Mother Elephant And Her Calf Attacked With Firebombs As Deforestation Drives Them Into The Paths Of Humans

Due to the deforestation across India, numerous elephants can be seen wandering in the villages and communities.

Numerous animals across India have been forced to encroach on human habitats in search of food and shelter, and end up wandering through villages or across crop fields, desperately trying to find a new home. 

However, people often take extreme measures in order to prevent these animals from damaging their property.

The following photo has caught the moment when angry Bishnupur residents launch firebombs at a mother elephant and her calf as a way to stop them from wandering onto their crops. The panicking animals run across the road, terrified.

The following photo shows villagers who throw stones at a herd passing through their village.

Often, villagers burn torches to wave at the elephants and chase them away

Young people are taking pictures of the wild elephants in order to record such incidents  The following photo shows a mother elephant and her calf attempting to navigate the railway tracks constructed through their natural home.

These heartbreaking images were taken by photographer Biplab Hazra, whose goal is to raise awareness  about the state of elephants due to their endangered habitat.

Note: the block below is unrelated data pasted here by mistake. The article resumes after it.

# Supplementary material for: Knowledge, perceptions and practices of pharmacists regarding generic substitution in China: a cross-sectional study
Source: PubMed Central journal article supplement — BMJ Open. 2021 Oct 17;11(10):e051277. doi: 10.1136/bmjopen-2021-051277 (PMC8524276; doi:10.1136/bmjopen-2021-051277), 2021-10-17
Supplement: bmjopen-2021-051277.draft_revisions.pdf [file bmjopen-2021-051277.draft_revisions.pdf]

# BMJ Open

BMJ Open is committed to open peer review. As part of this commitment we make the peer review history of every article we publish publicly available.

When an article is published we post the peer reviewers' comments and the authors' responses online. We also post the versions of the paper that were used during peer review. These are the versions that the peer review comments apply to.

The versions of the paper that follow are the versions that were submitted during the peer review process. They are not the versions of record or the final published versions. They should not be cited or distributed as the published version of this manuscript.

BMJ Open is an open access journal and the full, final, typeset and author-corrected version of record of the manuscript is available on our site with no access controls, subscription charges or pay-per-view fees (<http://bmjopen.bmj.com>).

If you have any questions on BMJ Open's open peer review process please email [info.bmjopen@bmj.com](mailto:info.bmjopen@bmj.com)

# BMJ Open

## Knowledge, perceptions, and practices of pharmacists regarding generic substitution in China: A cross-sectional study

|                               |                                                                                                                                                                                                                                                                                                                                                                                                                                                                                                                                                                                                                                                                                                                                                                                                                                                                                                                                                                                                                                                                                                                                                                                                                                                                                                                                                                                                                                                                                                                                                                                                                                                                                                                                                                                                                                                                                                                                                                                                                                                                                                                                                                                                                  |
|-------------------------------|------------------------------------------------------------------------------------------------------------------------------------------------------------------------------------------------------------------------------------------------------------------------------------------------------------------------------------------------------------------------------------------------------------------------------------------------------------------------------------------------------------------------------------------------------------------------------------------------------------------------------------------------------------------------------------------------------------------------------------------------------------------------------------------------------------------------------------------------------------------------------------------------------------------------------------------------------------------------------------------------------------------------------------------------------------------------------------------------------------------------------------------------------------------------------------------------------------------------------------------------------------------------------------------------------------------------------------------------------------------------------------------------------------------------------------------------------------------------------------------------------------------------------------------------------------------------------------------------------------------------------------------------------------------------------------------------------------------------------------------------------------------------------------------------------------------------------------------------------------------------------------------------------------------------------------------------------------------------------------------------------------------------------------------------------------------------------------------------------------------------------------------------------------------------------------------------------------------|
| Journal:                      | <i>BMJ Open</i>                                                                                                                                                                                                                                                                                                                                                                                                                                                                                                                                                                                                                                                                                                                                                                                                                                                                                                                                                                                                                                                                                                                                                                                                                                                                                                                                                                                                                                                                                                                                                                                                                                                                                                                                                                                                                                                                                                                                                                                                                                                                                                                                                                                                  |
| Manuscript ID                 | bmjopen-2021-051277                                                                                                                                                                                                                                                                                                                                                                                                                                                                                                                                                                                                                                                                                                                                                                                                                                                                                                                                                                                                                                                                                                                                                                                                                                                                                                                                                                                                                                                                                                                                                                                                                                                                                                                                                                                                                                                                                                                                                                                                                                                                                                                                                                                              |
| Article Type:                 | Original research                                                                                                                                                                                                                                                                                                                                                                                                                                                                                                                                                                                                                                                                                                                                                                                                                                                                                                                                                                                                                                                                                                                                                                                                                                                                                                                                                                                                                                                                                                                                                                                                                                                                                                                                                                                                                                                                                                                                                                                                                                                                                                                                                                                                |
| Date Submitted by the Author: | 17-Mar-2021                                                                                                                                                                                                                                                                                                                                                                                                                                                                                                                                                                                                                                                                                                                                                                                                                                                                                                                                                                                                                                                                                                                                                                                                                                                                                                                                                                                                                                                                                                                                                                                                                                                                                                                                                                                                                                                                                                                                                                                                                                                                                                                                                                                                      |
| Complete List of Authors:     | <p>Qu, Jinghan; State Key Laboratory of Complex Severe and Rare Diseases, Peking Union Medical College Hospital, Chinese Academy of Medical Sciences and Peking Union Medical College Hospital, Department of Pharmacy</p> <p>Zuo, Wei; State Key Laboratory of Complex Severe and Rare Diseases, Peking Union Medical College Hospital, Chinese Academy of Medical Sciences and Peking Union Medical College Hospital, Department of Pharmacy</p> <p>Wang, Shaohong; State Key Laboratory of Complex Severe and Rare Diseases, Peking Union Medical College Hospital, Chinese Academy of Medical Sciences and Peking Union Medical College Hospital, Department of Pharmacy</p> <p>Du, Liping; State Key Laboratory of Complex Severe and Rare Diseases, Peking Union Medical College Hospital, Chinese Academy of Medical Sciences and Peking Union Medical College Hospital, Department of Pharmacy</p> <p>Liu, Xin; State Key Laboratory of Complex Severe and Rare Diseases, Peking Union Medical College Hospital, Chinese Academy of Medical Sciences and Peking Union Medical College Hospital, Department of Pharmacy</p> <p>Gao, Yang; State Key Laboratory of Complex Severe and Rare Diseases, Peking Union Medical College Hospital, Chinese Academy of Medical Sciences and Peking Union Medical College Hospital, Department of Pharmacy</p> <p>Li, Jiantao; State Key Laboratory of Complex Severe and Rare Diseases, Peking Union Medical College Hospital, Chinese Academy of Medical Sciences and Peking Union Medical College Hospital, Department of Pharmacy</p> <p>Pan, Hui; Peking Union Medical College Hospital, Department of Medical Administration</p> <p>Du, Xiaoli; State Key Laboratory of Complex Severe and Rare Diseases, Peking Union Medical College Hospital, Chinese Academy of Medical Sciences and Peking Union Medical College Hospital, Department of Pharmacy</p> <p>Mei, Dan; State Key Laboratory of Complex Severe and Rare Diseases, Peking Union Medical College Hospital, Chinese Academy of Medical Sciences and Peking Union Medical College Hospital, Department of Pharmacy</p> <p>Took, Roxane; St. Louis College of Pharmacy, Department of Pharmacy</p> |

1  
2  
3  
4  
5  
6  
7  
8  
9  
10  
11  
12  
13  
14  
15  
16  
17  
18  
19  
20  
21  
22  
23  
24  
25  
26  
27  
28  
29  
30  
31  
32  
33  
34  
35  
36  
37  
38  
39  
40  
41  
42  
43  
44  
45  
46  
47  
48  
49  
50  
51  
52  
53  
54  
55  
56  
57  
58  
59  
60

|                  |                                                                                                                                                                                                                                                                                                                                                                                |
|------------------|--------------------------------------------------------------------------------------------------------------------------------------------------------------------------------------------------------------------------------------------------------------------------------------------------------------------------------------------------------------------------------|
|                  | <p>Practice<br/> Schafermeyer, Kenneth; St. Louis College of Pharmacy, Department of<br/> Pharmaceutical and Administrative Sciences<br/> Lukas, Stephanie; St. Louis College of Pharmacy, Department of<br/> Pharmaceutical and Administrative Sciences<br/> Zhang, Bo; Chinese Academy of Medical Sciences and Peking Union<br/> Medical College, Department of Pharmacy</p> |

According to Independent:

“The images highlight the extraordinary level of violence the endangered species faces as they try to survive in smaller, more fragmented habitats. Herds of elephants can cause significant damage to crops, impacting people’s livelihoods. Some farmers use flaming torches to frighten elephants away from inhabited areas.”

Mr. Hazra states:

“This happens because the villagers have to save their crops. There are many elephant corridors in human habitations. I’m trying to show this and spread my photos to increase public awareness on the matter.”

The last image shows angry elephants chase these people across farmland as they run through knee-deep water and high crops.

Elephants need to spend up to 19 hours a day feeding, and produce about 220 pounds (100kg) of dung a day. While villagers do their best to chase them away, the dung is a key means of spreading germinating seeds, and they are vital in maintaining the integrity of forests and grasslands.

This is a serious issue that needs to be addressed properly and as soon as possible, as the number of Indian elephants has drastically decreased in the past several decades.